Every year folks make a pilgrimage to Mecca. For me, the pilgrimage leads to the Dallas International Guitar Festival. By combining my recent touring experience and time at the Guitar
Every year folks make a pilgrimage to Mecca. For me, the pilgrimage leads to the Dallas International Guitar Festival. By combining my recent touring experience and time at the Guitar Festival, I have a good impression of the vintage bass market. I knew something was going to be different this year because dealers sometimes get a gut feeling about a show even before it starts. Your gut is usually correct and this year was no exception.
As we were about to land at the DFW Airport, the flight was diverted from its scheduled landing pattern. Only four minutes from being on the ground, our detour turned into a five and half hour trip due to tornados that touched down near the airport. As we flew past some super cells on the way to Oklahoma City, I knew it was a bad omen for the show.
Eventually, we got to our destination, but instead of arriving at 8 p.m. as expected, we showed up at the hotel at 1:30 a.m. Exhausted and shaken (but not stirred), we attempted to go straight to our rooms. The problem was you had to walk past the hotel bar to get to the room elevators, and the first cat we saw was none other than “The Gilvis,” aka Gil Southworth. The omen would be exorcized – the world, back on its axis.
The prior evening’s glaze wore off the minute I arrived the next morning, as the show was quite emotionally sobering. I’ve been attending guitar shows since 1989 and my first trek to Dallas was sometime in the early nineties. Back then, Dallas was blackguard heaven; any instrument you desired was there. When it was the Dallas Guitar Show it was a musician’s event. A few years back it became the Dallas International Guitar Festival and it evolved into a concert/music event, replacing the musician-driven vibe.
As a concert event, the fest was outstanding. For a minimal cover, you were able to see artists from five feet away on terrific stages without the hazy bar atmosphere. My favorite part of the show was 10 Under 20. It featured ten bands with members all under the age of 20. These young guns were great, but I didn’t go to Dallas to see bands – I went to buy and sell vintage basses. This year the buying field was quite honestly barren. I bought 85 percent less than last year, but my sales were on mark for expectations. A very good friend of mine had an extremely high-end booth where a 1960 ‘burst was on display and priced to move. When the guitar was still there at noon on Friday, we looked at each other and knew something was wrong. A year prior, people would have been jumping over each other to buy this guitar at the posted price. Was it the event? Was it the market? Let’s take a look at few possibilities.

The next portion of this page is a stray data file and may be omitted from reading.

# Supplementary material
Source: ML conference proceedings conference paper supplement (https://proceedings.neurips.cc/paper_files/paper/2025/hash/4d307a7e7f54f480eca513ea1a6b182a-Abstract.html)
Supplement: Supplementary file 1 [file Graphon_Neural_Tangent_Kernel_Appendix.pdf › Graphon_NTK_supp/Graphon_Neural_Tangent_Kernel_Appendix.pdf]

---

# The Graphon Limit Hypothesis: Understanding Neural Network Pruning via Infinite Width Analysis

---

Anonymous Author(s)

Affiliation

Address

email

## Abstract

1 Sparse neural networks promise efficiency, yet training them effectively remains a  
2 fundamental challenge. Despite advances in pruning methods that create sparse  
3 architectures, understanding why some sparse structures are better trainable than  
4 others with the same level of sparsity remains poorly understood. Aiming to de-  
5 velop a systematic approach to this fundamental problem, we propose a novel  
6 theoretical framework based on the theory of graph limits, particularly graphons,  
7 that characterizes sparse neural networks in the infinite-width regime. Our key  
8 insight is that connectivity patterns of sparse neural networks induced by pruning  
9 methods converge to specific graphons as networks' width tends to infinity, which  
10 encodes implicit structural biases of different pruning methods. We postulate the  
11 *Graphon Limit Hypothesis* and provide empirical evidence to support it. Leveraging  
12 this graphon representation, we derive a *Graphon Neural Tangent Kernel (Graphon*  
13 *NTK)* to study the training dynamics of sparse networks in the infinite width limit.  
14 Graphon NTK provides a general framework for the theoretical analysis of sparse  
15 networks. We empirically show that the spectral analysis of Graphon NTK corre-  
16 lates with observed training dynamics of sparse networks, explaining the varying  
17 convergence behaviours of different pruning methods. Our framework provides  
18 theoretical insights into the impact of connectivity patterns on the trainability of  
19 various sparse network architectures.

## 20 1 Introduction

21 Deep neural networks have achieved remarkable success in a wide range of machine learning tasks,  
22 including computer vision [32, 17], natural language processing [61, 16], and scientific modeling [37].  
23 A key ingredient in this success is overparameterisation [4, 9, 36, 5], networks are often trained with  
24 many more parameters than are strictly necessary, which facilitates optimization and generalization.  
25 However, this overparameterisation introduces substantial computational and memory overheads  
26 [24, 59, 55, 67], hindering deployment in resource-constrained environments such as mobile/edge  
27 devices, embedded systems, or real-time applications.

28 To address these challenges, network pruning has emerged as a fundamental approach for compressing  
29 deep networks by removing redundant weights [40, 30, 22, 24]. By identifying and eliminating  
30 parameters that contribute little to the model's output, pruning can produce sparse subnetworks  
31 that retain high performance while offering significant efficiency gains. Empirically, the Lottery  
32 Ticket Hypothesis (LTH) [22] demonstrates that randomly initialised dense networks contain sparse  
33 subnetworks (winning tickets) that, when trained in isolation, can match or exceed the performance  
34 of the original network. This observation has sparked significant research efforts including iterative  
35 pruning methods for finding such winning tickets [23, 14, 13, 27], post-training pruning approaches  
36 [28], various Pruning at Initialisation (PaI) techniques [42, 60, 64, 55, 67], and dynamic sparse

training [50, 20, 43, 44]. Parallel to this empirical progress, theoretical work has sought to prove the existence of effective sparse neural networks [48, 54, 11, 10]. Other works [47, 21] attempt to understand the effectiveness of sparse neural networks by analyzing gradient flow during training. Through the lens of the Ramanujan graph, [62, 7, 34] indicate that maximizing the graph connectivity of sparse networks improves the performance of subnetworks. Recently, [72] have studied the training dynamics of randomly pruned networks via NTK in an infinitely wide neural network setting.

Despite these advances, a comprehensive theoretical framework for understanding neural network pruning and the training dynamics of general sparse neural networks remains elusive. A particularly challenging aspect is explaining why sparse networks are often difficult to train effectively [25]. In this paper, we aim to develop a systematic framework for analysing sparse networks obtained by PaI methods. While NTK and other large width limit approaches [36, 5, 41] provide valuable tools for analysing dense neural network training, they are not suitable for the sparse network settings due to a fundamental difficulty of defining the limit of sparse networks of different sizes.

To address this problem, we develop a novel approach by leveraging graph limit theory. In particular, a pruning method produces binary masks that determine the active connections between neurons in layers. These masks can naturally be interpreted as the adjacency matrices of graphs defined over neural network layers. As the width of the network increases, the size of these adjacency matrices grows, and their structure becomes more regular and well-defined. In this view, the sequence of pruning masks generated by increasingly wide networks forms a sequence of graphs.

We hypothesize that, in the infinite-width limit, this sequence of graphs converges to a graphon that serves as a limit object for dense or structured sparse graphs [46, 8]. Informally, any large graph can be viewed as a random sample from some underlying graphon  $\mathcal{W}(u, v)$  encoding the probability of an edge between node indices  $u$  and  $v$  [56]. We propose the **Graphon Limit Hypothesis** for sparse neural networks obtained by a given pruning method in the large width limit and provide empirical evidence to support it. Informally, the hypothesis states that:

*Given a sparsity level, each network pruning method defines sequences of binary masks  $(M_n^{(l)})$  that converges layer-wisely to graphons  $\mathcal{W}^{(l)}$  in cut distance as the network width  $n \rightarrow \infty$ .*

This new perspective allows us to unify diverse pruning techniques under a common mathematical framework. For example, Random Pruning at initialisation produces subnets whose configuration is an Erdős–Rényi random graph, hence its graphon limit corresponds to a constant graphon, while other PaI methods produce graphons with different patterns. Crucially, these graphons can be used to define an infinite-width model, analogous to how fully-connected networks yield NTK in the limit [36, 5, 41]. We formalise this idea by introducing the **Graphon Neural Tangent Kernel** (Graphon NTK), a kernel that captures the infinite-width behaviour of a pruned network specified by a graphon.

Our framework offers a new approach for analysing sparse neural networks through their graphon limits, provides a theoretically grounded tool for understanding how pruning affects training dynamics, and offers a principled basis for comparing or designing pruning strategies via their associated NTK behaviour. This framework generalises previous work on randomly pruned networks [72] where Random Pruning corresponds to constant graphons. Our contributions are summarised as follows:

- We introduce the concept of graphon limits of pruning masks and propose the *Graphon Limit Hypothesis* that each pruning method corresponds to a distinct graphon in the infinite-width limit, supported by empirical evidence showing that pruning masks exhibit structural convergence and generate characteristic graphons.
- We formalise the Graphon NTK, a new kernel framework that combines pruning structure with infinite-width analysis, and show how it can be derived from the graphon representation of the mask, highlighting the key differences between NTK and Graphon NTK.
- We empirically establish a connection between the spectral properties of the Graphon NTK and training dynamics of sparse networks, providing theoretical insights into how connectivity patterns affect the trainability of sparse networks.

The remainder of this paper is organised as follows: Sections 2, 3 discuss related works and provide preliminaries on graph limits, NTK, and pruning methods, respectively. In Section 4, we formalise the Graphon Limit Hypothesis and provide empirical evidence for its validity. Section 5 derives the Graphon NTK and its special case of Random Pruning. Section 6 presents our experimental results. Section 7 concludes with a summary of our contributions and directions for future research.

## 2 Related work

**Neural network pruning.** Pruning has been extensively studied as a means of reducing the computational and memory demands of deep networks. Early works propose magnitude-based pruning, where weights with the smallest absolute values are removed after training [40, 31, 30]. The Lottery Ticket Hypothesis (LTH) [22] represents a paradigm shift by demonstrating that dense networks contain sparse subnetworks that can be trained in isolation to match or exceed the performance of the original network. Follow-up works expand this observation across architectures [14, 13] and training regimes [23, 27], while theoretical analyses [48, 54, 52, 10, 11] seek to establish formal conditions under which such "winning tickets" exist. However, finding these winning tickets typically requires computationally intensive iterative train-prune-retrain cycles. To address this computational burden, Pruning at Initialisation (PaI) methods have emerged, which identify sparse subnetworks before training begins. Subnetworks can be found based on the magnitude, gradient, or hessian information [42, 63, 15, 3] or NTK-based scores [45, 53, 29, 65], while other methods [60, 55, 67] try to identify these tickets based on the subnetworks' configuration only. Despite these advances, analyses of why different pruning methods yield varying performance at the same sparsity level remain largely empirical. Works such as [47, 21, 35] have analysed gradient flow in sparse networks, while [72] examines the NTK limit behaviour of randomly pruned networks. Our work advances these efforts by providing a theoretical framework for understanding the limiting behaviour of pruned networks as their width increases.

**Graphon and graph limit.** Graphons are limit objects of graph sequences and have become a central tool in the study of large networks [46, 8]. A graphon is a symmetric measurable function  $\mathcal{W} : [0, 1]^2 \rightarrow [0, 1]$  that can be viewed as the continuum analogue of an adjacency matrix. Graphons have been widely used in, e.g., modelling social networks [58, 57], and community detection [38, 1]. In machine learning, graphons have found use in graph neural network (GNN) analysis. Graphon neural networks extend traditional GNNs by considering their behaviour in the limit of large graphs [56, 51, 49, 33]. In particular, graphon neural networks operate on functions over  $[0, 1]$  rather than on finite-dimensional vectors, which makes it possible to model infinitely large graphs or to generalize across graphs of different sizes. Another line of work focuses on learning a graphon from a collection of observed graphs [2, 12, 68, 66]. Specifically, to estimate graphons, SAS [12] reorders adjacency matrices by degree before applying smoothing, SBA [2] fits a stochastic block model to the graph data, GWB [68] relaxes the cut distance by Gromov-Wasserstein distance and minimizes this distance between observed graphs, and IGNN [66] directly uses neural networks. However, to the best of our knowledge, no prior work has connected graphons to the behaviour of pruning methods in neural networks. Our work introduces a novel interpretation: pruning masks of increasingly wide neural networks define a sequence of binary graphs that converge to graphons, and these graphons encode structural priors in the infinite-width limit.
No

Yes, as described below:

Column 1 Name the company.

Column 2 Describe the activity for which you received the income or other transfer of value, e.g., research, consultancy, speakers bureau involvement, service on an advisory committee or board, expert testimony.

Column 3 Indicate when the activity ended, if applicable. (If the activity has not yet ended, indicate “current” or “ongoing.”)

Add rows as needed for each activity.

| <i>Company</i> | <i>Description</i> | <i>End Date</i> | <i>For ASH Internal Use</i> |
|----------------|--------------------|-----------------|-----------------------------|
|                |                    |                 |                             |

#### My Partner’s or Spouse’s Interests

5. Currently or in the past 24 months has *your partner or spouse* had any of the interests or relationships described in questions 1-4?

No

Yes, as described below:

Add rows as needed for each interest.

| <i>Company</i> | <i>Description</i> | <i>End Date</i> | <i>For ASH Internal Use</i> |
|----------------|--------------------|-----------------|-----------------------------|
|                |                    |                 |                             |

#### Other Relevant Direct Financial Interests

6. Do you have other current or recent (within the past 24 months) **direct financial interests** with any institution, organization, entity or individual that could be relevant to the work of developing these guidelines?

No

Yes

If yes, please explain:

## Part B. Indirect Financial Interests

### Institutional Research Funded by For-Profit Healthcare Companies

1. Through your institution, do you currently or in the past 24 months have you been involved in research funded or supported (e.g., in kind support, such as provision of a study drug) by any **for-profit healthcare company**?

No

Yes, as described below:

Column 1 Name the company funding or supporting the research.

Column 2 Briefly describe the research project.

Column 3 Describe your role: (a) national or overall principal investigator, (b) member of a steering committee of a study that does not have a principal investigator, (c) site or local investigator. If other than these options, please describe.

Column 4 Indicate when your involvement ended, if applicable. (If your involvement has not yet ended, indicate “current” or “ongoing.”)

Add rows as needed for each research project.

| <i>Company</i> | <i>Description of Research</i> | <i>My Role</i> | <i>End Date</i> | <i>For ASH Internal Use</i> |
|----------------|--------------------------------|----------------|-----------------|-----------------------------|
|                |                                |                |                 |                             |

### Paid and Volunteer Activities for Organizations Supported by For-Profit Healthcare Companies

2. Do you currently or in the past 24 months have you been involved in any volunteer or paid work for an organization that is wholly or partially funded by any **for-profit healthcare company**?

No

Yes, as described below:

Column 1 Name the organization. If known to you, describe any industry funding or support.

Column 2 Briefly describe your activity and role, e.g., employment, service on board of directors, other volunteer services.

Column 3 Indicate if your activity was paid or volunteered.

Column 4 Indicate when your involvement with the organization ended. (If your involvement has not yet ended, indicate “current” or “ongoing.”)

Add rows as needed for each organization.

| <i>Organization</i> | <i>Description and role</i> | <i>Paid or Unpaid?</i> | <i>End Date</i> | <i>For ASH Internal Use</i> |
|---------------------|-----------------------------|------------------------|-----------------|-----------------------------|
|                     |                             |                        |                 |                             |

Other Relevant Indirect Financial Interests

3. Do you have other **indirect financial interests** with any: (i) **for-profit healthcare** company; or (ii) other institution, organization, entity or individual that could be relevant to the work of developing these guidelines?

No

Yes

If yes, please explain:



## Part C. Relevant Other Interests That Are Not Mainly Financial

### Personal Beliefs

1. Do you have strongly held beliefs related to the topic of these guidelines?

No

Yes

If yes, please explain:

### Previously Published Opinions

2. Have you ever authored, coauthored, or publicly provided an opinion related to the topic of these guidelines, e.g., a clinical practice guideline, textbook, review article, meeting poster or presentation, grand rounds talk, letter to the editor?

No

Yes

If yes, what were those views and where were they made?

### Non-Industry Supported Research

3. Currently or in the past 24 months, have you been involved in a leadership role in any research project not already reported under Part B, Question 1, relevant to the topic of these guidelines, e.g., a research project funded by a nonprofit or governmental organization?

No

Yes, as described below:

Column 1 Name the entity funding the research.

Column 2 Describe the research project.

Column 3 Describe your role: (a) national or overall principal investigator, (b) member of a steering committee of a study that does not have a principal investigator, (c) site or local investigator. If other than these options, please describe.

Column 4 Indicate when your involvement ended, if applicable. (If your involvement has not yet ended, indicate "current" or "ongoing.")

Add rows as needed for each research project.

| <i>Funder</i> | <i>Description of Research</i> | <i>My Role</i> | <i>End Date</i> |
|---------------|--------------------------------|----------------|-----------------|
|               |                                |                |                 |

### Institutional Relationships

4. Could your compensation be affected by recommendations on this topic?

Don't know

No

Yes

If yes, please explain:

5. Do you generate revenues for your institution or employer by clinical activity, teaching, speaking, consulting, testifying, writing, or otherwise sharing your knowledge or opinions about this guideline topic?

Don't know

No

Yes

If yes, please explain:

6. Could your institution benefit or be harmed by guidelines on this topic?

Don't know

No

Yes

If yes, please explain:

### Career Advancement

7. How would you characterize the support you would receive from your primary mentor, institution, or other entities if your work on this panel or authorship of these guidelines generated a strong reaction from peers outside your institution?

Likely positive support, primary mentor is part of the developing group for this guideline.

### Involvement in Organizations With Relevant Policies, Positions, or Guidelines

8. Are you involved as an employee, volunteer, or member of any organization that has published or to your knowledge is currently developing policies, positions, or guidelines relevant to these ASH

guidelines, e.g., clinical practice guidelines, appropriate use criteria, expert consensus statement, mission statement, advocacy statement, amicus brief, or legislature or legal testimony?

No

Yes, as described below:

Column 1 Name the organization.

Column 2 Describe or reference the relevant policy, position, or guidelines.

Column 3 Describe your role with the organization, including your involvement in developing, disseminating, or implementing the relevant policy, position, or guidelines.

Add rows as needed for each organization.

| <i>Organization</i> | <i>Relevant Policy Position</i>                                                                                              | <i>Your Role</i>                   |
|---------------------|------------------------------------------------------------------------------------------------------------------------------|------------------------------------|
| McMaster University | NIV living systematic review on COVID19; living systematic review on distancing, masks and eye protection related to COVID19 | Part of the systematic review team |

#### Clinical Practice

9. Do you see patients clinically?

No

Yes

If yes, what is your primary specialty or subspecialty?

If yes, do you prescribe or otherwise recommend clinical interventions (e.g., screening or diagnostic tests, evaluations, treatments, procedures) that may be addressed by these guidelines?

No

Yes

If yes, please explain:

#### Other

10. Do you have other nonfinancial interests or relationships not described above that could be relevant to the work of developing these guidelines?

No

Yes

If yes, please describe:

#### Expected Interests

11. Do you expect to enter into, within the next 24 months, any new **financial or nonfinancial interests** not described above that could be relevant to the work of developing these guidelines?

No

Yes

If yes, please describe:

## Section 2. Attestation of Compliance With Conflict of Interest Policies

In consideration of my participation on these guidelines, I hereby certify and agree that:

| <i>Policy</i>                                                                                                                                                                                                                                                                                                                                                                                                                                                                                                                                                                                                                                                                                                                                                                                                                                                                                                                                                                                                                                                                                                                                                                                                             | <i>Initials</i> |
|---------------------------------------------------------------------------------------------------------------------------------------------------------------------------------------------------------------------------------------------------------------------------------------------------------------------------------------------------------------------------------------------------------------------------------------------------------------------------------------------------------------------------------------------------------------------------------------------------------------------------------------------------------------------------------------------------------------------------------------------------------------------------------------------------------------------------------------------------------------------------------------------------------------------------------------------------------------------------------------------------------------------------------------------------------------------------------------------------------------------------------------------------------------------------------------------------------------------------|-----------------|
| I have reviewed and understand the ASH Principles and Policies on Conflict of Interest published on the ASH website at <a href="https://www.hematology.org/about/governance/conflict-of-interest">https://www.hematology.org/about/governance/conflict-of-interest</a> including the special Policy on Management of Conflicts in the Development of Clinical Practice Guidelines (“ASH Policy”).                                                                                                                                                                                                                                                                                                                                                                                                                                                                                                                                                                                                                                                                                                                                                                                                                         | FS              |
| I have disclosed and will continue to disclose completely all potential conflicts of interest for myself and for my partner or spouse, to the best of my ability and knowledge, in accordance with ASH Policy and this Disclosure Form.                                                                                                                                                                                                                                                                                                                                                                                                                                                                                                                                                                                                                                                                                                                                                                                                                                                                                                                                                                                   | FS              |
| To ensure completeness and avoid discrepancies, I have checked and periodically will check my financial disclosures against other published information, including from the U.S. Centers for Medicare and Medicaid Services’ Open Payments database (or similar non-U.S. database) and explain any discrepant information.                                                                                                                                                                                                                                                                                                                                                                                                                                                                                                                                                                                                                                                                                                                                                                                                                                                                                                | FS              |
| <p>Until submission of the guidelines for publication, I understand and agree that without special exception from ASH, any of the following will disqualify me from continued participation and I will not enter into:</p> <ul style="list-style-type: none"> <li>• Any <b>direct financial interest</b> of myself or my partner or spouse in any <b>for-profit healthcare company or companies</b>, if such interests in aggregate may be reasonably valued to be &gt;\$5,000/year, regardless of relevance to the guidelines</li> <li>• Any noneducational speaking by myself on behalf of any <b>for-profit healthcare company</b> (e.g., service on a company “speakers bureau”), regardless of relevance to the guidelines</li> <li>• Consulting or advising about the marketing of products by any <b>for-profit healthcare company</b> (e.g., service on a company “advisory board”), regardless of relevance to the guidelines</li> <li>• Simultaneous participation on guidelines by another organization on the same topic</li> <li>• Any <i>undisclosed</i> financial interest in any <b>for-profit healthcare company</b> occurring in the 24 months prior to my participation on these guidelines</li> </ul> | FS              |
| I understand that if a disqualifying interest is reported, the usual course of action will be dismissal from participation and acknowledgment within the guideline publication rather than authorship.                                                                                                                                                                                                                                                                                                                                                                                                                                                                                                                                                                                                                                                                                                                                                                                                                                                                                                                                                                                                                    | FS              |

The Collectibles Market
When I’m not elbows deep in the guitar market, my other hobby is vintage American cars. I stay on top of the market because I act as a consultant for a major vintage guitar dealer who has a nice dealership. A few months ago, the main car collector magazine published this quote, “The prices of the high-end items are dropping while the prices of the lower-end, pedigreed items are going up.”
This is a strange but interesting phenomenon. The guitar market seems to be consistently six months behind the car market in terms of trends, and six months later the guitar market followed suit. Friends in other collectable markets are experiencing a similar parallel. I don’t think the bass market will collapse. However, I do believe the market is in a state of correction.
Let’s face it; you do not need a $10,000 bass. You need food, shelter and clothing. A lot of folks used their home equity lines to finance their basses because bass market value was outpacing the equity percentage. We all know what happened with those home equity lines. The value of high-end basses outpaced working musicians and now salaries are sinking in a thinner market; hence the lower prices. As player gear went up, high-end basses also went up. The difference is that there are more players than collectors, and, while not cheap, the $1200-5000 market is still within reach of players. Furthermore, the bass market has lagged behind the six-string market in terms of value. For those reasons, I still believe this is the safest market segment, a segment that will experience additional growth.
Next month I’ll break out my crystal ball and give a thorough market analysis. I will also discuss guitar shows in general and where I see them heading. The above information is based upon my observations and my conversation with other dealers and collectors who have their fingers on the pulse of this ever-changing market. This is not a scientific prediction on the future of the instrument market, nor will our observations be true of what other folks might be experiencing. Please use this information as a tool and not as gospel. Until next time, drop the gig bag and bring the cannolis!
Kevin Borden has been a bass player since 1975, and is currently President of Goodguysguitars.com.
Feel free to call him KeBo.
He can be reached at Kebobass@yahoo.com